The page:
E-government as a word has been around since about 1996, but there's no universal agreement about what it means. That's not surprising, because concepts of e-government vary considerably according to each countryâ€™s political system and internet coverage, and they are changing as fast as you can blink.
The possibilities have multiplied with Web 2.0 technology, and the social and political reverberations are massive. At the very least, e-government includes putting most government-to-citizen services online, integrating government services, and improving efficiency and transparency. Some countriesâ€™ visions for e-government emphasise citizen involvement and satisfaction, others the potential of e-government to enable surveillance of corrupt public servants. Some countries see e-governance as a sub-set or consequence of IT development, the driving force behind a new prosperity.
In the west it's all about us us us. But Beijing city has different needs and therefore a different plan:
The vision of E-Government is to reduce the administrative hierarchies, reform the modes of government affairs, optimize the government business process, clarify the administrative work, improve the quality of government service and management, enhance the collaboration of the internal departments and the interactions between the government and the public, and finally to construct an honest, diligent, transparent and efficient government using technology as a means to the end.
I realise this quote is a few years old, and it's about a city, not the nation. What is China's vision for e-government now?
Intranet surveys are twice as interesting as web site surveys, because intranets are hidden from outsiders. Web sites are public, intranets are private.
The 2006 Global Intranet Survey Report from Jane McConnell is especially welcome for that reason. (The report came out in October, but hey, Contented is only a couple of weeks old.) It surveys intranets of 101 organisations, mainly international, ranging from under 5000 to over 100,000 employees.
Here's a quote: 'The intranet or what some call "the organisational lifeline" is at a key turning point for the majority of organisations.'
The report is illustrated with heaps of excellent graphs and pie-charts, and findings are clearly summarised. I'll mention a few that directly affect content writers.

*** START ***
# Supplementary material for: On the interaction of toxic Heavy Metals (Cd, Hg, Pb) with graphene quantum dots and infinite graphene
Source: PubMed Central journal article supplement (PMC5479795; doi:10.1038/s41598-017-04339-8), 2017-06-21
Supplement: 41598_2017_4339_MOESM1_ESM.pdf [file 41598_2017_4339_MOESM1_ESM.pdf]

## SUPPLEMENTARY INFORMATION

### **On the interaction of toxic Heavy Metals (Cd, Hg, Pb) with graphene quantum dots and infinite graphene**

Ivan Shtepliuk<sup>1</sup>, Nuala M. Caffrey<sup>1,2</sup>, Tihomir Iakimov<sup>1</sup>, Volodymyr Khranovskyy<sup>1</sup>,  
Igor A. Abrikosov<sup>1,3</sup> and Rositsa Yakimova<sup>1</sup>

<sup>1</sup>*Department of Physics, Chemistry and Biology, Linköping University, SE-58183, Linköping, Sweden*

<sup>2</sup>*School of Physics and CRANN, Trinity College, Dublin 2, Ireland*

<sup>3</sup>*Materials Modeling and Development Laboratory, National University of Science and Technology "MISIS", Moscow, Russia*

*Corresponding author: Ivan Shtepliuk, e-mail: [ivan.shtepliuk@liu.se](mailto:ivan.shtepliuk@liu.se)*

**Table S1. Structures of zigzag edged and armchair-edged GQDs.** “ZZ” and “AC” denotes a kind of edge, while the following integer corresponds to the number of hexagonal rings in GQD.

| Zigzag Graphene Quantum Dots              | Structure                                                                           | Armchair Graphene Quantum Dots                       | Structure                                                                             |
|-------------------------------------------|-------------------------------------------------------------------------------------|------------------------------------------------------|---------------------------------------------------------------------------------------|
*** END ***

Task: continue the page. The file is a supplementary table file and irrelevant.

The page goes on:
Unaware of just how essential the intranet is for everyday business, senior management seems to be out of whack with most employees. This distorted perception inevitably cramps budgets, slows decision making, and tunnels vision.
The old intranet concentrated on communicating content one way, from the top down. The old intranet was somewhat static, and lacked integrated applications.
But now intranet 2.0 is upon us. The most forward-thinking organisations actively promote the use of wikis and blogs within the intranet. Smart organisations increasingly use the intranet as a channel for collaboration and two-way discussion of new ideas, new projects, and new content on the intranet.
Also relevant to content writers is the trend towards feeds to PDAs and other hand-held devices. All online content should be concise: when pumped to Palms and Blackberries and mobile phones, that content must be minimalist in the extreme.
*Help me out here please. Mahogany? Corporate?
Interested in how Web 2.0 services persuade people and change their behaviours? Then this message from the renowned BJ Fogg, Director of the Stanford Persuasive Technology Lab is for you.
'My Stanford students have created short videos (averaging 2 minutes) that show how Web 2.0 services persuade people and change their behaviors. The videos are interesting -- and sometimes funny. I'm inviting you to help evaluate some of these videos before December 4th. You can rate one video or twenty. The choice is yours.
'The videos with the highest rating will be featured in the Captology Film Festival on December 7th at Stanford. You're invited to join us at that event. For more info, see http://tinyurl.com/yap7fe .
'To watch and rate the videos, go to:
Mark Ottaway, Managing Director, Nielsen//NetRatings, New Zealand, hammered this point during his presentation on Internet metrics and trends at the TUANZ Business Internet Conference (21 November 2006).
In fact he said it three times. I wonder why? Could it be something people cannot and will not hear?
'Don't put the Web in a glasshouse. The Web is not special. It's not new: it has been around since 1989. Don't hand web sites over to the IT department and wash your hands of them. Web sites are an important, integral, normal part of business.'
That's what we have been saying about web content for quite some time...
'Don't put web content in a glasshouse.'
Business writing is web writing. Business writing is web writing. Did you hear that? I'd better say it again. Business writing is web writing. Your business depends on your ability to communicate online.
What is the purpose of books? Not the same in every culture. A display of thirteen centuries of illustrated books in Japan shows books dedicated to catching the essence of a moment - a second - or even a nanosecond. One scroll illustrates a single day's journey. An all-night party by Hokusai produced 364 sketches. The books themselves were perceived as ephemera.
"When the evanescent is carefully contemplated, something timeless is revealed," says Edward Rothstein (New York Times). The exhibition is in the New York Public Library until 4 February 2007.
Ehon: The Artist and the book in Japan
Were these beautiful, strange, startling books the equivalent of a newspaper? Is online journalism the ultimate in ephemera, or a museum of fossils?